Previous View
 
APSnet Home
 
Plant Disease Home


VIEW ARTICLE

Research.

Host Status of Alfalfa Cultivars and Germ Plasms to Meloidogyne chitwoodi Race 2 and Reactions of Selected Cultivars to M. chitwoodi and M. hapla Infection. H. Mojtahedi, Research Associates, Washington State University, College of Agriculture and Home Economics, Prosser 99350. J. N. Pinkerton, G. S. Santo, and R. N. Peaden. Research Associates, Professor, Washington State University, College of Agriculture and Home Economics, Prosser 99350, and Research Agronomist, U.S. Department of Agriculture, Agricultural Research Service, Irrigated Agriculture Research and Extension Center, Prosser, WA 99350. Plant Dis. 73:391-394. Accepted for publication 3 January 1989. This article is in the public domain and not copyrightable. It may be freely reprinted with customary crediting of the source. The American Phytopathological Society, 1989. DOI: 10.1094/PD-73-0391.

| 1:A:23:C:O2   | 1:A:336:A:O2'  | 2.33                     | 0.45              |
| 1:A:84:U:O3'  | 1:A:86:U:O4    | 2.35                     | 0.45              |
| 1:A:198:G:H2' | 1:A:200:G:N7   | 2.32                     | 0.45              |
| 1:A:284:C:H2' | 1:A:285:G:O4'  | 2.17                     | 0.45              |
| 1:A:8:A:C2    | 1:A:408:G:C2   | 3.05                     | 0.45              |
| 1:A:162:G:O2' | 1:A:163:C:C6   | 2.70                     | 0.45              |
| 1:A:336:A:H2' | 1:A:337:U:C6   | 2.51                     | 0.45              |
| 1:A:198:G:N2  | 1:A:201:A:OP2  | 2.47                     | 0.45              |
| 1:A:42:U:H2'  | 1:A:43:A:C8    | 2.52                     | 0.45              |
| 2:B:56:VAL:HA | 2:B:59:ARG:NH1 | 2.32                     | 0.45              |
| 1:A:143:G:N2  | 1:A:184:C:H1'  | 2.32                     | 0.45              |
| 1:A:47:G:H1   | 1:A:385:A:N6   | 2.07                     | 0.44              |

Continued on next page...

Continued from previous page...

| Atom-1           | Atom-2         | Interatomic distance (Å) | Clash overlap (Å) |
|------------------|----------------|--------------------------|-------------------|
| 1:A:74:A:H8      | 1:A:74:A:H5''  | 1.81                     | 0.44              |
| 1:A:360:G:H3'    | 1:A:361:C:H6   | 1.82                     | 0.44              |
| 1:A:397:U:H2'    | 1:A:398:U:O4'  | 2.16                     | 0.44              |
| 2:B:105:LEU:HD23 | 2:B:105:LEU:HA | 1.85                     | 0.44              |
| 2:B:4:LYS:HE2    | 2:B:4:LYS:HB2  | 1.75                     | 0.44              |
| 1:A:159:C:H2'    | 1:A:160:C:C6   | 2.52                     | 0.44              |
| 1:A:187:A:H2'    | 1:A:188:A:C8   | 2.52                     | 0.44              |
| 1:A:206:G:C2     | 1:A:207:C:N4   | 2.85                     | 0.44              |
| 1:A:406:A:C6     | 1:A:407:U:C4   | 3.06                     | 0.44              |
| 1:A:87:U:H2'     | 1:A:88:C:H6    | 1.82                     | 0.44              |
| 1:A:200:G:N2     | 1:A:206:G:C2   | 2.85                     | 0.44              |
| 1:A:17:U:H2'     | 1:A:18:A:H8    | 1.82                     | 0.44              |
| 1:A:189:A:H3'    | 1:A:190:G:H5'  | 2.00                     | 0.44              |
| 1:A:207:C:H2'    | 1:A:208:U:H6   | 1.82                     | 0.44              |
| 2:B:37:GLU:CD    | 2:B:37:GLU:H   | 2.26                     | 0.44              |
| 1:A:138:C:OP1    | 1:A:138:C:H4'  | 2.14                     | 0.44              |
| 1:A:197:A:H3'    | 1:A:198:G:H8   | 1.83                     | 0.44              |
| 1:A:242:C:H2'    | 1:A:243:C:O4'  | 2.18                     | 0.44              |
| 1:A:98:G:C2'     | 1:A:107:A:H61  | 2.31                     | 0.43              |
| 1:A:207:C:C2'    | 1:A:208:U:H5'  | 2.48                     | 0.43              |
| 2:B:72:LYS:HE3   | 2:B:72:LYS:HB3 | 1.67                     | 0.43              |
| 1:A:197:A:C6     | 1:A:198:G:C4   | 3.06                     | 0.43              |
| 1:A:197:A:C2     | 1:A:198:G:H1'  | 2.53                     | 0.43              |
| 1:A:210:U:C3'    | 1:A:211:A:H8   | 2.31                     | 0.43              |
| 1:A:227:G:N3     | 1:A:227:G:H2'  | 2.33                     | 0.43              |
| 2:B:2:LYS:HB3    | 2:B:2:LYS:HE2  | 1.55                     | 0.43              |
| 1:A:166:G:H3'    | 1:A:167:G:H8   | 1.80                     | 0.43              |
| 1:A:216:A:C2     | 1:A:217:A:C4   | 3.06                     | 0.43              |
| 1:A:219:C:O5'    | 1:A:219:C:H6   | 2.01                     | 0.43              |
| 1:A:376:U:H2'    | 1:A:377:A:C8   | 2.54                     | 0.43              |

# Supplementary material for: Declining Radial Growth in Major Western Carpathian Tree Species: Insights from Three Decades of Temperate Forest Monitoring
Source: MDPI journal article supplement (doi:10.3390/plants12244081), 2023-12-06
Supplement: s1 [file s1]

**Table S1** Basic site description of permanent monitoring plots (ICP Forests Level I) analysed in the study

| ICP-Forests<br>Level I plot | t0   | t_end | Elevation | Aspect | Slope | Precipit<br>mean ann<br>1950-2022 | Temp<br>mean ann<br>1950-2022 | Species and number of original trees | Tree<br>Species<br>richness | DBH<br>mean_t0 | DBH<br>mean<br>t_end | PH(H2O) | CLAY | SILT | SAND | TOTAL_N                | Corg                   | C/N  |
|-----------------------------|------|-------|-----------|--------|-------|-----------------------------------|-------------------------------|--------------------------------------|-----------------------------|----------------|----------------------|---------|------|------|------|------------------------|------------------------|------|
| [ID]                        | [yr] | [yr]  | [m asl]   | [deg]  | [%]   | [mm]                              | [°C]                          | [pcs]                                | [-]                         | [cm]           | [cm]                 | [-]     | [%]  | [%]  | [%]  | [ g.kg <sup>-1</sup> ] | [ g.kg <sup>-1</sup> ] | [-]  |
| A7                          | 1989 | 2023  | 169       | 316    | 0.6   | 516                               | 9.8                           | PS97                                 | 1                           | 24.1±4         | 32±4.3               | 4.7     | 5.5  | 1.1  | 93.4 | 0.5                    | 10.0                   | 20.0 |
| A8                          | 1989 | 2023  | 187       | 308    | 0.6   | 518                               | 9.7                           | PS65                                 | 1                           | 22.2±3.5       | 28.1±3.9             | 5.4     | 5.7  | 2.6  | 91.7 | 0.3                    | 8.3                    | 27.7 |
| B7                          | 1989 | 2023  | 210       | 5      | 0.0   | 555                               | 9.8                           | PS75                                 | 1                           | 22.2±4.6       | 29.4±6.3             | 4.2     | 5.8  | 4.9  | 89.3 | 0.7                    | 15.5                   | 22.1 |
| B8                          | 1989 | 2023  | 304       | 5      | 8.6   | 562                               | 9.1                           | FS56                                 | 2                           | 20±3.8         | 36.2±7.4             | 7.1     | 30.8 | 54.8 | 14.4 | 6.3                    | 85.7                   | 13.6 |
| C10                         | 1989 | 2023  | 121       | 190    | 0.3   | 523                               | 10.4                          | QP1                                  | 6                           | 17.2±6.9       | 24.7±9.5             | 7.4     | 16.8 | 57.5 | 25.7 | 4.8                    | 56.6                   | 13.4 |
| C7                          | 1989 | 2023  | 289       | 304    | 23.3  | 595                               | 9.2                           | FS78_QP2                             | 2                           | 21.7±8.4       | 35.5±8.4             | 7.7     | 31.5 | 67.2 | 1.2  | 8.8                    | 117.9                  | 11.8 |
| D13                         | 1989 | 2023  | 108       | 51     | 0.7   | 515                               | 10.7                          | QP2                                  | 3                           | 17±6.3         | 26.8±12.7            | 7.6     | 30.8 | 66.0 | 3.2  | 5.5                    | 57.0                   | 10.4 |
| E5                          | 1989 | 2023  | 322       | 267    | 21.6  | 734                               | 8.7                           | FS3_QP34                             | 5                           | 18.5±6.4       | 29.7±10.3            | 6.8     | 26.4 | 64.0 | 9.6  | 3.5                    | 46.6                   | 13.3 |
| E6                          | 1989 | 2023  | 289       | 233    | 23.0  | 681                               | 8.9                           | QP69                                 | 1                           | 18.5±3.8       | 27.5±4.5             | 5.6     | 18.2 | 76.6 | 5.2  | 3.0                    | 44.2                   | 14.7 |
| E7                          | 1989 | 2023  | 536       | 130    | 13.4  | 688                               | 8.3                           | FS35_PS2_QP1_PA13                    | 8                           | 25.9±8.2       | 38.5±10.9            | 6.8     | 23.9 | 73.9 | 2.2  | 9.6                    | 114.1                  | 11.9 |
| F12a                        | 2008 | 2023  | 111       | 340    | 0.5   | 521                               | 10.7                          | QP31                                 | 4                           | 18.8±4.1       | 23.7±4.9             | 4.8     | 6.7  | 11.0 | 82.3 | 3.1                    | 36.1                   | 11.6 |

The reproductive efficiency of Meloidogyne chitwoodi race 2 was evaluated on 50 alfalfa cultivars and germ plasms. The reproductive factor (final egg density at 55 days 5,000 [initial egg density]) ranged from 1.1 to 40. An experimental line, W12SR2W1, consistently exhibited a high degree of resistance to M. chitwoodi race 2. Reproduction of M. chitwoodi race 2 and M. hapla on W12SR2W1 was between alfalfa cultivars Lahontan and Nevada Synthetic XX, susceptible and resistant to M. hapla, respectively. The pathogenicity of M. chitwoodi race 2 and M. hapla on selected commercially grown alfalfa cultivars was less clear. They reduced the number of plants per pot of cv. WL-312 alfalfa without affecting its shoot or root growth and temporarily reduced the shoot dry weight of cv. Vernal alfalfa. M. chitwoodi race 2 increased cv. Thor alfalfa shoot and root growth and had no adverse effect except to decrease leaf area. M. hapla did not alter the shoot or root growth of Thor alfalfa.